‘Uncomfortable Conversations with a Black Man’ host Emmanuel Acho tackles racism in new book

‘Uncomfortable Conversations with a Black Man’ host Emmanuel Acho tackles racism in new book backed by Oprah Winfrey.

“I'm talking to Oprah and then we talk on FaceTime and she says, ‘Emmanuel, what is your intention?’ And I said, ‘well, my intention is to bridge the gap towards racial reconciliation,’” Acho told Yahoo Life.

Video Transcript

BRITTANY JONES-COOPER: Hey, everybody. I'm Brittany Jones Cooper, and I want to welcome Emmanuel Acho. He's a former NFL linebacker and host of the video series Uncomfortable Conversations With a Black Man, which he has now made into a book. Welcome, Emmanuel.

EMMANUEL ACHO: Brittany, thank you for having me. Good to see you.

BRITTANY JONES-COOPER: The video series popped up this summer, I mean, it went gangbusters so quickly. What do you think made you kind of uniquely perfect to be the one facilitating this kind of conversation right now?

EMMANUEL ACHO: And I don't know how unique, but what makes me qualified is that I am fluent in white culture and fluent in Black culture. It's not just about color. It's about culture. But because of my immersion in culture that was white and Black, I understand, Brittany, that there's a language disconnect. And so I just try to stand there and almost act as a translator or facilitator.

BRITTANY JONES-COOPER: You growing up in those two different worlds, how did that inform your identity?

EMMANUEL ACHO: My parents were born and raised in Nigeria, so I grew up in a Nigerian household, Nigerian culture. On Monday through Friday, I was white culture, but then Sunday, I went to church in the hood and Wednesday I went to church in the hood, so I got a little bit of everything. I had a confused identity, Brittany, because I got Emmanuel, you don't even talk like you're Black, or Emmanuel, you don't even dress like you're Black, or Brittany, my all time favorite, Emmanuel, you're like an Oreo, black on the outside, white on the inside.

And so I started questioning my own Blackness. I look Black. I'm pretty dark, too, if I were to say so, but maybe I'm not Black. It wasn't until I got to college where I was like, wait a second. I had this twisted, this identity crisis, I'm Black by birth and Black by skin color. Now what they were trying to say is, Emmanuel, you're not the stereotypical Black-cultured person that is portrayed on TV. That's what they were trying to say, but that's not what they said.

BRITTANY JONES-COOPER: How do you choose the guests that you want to sit down with?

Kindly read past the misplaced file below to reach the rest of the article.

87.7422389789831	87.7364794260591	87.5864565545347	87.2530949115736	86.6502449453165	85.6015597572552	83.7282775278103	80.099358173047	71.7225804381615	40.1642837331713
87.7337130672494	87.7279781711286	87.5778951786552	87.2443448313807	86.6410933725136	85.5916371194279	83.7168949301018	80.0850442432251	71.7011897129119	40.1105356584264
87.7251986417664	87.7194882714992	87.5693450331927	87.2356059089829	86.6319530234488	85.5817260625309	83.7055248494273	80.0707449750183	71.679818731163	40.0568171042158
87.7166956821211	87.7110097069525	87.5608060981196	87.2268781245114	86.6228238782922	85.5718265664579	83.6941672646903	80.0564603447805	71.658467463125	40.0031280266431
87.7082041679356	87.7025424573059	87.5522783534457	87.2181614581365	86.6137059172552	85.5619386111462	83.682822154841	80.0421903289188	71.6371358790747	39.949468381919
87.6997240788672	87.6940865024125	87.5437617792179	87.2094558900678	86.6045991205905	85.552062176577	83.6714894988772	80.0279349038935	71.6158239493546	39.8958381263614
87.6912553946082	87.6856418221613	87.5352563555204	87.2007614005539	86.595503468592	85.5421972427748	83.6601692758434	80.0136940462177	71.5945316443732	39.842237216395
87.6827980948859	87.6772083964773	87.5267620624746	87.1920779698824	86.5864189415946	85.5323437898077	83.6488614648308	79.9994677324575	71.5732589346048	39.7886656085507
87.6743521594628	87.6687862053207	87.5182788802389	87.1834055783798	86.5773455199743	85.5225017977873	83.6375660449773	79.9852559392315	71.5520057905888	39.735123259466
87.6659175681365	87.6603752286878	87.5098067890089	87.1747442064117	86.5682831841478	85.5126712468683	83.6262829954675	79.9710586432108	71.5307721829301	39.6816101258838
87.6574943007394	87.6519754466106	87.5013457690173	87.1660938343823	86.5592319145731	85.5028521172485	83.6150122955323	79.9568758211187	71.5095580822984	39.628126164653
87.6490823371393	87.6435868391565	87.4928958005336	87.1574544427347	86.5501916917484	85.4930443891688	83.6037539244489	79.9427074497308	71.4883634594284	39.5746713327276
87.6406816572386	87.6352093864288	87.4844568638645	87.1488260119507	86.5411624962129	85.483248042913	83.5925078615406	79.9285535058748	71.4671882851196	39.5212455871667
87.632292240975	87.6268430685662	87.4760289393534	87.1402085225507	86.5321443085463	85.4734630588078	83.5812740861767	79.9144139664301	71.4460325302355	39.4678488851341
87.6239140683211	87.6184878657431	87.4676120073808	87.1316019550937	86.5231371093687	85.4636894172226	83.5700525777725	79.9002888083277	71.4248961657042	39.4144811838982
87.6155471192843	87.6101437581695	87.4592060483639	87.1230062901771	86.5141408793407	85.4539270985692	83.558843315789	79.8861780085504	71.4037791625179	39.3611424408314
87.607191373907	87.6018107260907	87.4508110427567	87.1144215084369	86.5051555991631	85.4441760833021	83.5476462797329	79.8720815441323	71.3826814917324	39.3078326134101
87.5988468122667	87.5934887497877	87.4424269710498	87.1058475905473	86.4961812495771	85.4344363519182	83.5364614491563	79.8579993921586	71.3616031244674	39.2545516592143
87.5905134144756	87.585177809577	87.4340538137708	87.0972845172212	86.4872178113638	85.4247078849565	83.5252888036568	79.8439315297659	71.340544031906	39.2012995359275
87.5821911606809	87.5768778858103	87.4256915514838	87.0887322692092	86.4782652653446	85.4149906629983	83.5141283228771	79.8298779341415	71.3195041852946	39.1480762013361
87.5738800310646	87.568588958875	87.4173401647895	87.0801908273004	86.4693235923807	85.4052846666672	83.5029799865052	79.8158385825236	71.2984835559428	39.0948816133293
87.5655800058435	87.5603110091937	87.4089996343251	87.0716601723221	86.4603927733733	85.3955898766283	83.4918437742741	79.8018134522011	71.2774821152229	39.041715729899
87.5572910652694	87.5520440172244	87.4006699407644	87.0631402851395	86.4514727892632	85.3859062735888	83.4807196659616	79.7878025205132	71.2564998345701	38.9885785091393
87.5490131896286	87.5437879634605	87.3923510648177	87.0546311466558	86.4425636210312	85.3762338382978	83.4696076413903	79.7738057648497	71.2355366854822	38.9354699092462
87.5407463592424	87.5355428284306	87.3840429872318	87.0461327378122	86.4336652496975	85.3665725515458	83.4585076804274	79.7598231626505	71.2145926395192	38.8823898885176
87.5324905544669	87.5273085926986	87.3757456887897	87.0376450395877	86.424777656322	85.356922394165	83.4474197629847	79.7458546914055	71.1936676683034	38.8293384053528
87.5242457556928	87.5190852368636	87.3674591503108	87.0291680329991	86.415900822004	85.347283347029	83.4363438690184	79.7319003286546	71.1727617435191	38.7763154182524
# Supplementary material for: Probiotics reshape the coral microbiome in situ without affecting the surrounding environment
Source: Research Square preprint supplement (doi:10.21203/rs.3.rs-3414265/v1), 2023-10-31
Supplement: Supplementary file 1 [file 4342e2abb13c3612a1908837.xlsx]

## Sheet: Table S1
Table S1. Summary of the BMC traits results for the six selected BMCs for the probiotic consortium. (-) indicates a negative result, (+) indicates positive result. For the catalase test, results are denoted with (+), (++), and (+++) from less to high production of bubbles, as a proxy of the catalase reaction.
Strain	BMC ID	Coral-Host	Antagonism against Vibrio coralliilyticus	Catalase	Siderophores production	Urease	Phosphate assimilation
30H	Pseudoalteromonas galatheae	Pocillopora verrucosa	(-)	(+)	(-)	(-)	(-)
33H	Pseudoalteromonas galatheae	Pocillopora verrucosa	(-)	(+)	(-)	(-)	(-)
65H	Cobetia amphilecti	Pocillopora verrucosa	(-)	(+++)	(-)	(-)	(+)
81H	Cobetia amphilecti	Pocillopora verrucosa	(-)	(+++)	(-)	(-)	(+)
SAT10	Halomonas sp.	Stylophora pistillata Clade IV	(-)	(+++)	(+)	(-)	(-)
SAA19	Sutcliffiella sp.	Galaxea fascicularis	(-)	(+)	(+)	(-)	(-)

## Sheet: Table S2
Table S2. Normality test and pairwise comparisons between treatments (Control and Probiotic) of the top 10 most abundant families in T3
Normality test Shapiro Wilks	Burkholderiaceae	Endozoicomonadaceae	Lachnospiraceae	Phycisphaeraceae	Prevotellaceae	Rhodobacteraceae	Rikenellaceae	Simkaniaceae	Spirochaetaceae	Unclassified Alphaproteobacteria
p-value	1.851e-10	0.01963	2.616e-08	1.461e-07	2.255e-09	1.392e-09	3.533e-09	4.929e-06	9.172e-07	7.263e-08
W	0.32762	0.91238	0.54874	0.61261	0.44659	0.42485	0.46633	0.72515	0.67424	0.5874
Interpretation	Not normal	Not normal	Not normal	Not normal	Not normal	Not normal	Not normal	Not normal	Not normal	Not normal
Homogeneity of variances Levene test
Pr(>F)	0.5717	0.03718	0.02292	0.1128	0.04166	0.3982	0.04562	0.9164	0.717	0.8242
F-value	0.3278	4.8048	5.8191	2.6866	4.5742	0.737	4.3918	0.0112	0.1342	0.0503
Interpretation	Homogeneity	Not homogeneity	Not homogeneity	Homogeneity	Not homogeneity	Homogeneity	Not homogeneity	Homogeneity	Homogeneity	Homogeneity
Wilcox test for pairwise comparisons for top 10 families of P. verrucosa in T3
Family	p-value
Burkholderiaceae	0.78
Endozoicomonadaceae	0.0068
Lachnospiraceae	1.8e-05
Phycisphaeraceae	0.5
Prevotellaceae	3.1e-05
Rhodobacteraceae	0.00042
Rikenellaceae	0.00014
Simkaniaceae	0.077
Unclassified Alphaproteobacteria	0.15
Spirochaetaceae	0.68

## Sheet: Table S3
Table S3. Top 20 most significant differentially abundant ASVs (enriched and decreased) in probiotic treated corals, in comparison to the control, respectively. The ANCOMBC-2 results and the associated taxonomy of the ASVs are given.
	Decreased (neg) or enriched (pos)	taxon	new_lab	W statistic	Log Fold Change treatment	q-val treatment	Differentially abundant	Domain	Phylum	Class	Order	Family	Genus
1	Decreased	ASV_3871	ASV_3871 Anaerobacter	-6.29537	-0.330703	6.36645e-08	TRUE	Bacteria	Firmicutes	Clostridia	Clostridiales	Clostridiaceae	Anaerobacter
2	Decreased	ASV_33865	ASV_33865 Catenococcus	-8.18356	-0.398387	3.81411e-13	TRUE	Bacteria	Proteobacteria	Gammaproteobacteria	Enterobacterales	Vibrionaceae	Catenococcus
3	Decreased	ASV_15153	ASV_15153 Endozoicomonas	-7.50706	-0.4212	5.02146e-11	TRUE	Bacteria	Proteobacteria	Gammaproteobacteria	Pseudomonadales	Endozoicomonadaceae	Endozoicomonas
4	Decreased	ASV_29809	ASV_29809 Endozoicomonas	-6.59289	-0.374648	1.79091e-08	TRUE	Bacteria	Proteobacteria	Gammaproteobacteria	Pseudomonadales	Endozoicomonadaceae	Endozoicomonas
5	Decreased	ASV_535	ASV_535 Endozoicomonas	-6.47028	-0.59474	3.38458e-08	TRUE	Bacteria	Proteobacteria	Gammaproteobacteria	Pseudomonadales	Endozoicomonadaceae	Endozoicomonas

EMMANUEL ACHO: The guests choose themselves. Matthew McConaughey, after episode one, I got a call. Acho, McConaughey speaking. I want have a conversation. Well, I say, well, McConaughey, I'm going to do an episode in four days. He says, let's do it tomorrow. OK, McConaughey wants to do it tomorrow, we'll do it tomorrow. I needed McConaughey early on, because the world just wants to see somebody they know and recognize. If McConaughey can do it, anybody should be able to.

BRITTANY JONES-COOPER: And when did you decide to take the video series and then translate it into a book?

EMMANUEL ACHO: It was Oprah Winfrey, and you know, I'm talking to Oprah, and then we talk on FaceTime, and she says, Emmanuel, what is your intention? And I said, well, my intention is to bridge the gap towards racial reconciliation, and I think I can change the world, and she says, well, I want to partner with you, 'cause I see your heart, and I see your, your fervor for this, and I want to partner with you to do it. So Oprah and I instantly start working on Uncomfortable Conversations With a Black Man, the book.

BRITTANY JONES-COOPER: Has there been a moment in one of your interviews where it got too uncomfortable for you?

EMMANUEL ACHO: The most uncomfortable moment for me was when I asked this 12-year-old Black girl named Story-- her parents were white. I said do you wish your parents raising you were Black, and it was almost as if you could hear a pin drop. I asked her that with her parents sitting there, so was like, your answer will lead to tears either way. Either way, somebody is going to start crying, and she said no. I just want them to love me for me.

BRITTANY JONES-COOPER: What chapter for you was the hardest to write or really communicate?

EMMANUEL ACHO: The hardest to write was probably systemic racism, because there are so many things in that chapter that I need people to acknowledge are real, but I need you to grasp the concept that there is a systemic fracture in our society, and you can't fix a problem you don't know exists. I'm letting you know it exists. Let's all please work to fix it.

BRITTANY JONES-COOPER: Do you ever get tired of having the conversation about race with white people?

EMMANUEL ACHO: I don't have time for fatigue. Like, change has to happen. It's not going to be for a lack of me speaking that white people don't hear. The conversations are bigger than me. The book is bigger than me. I didn't write the book for me. I didn't start the episodes for me. I was not trying to go viral off having racial reconciliation conversations. That is not, that was not the goal, but the man met the moment, and here we are.

BRITTANY JONES-COOPER: Absolutely. Well, thank you, Emmanuel, for all the work you're doing. Thank you for the video series and the book. And if you guys want to check out the book, it's available now wherever books are sold. And if you want to check out the video series, make sure you go to UncomfortableConvos.com. Thanks, Emmanuel.

EMMANUEL ACHO: Thanks so much.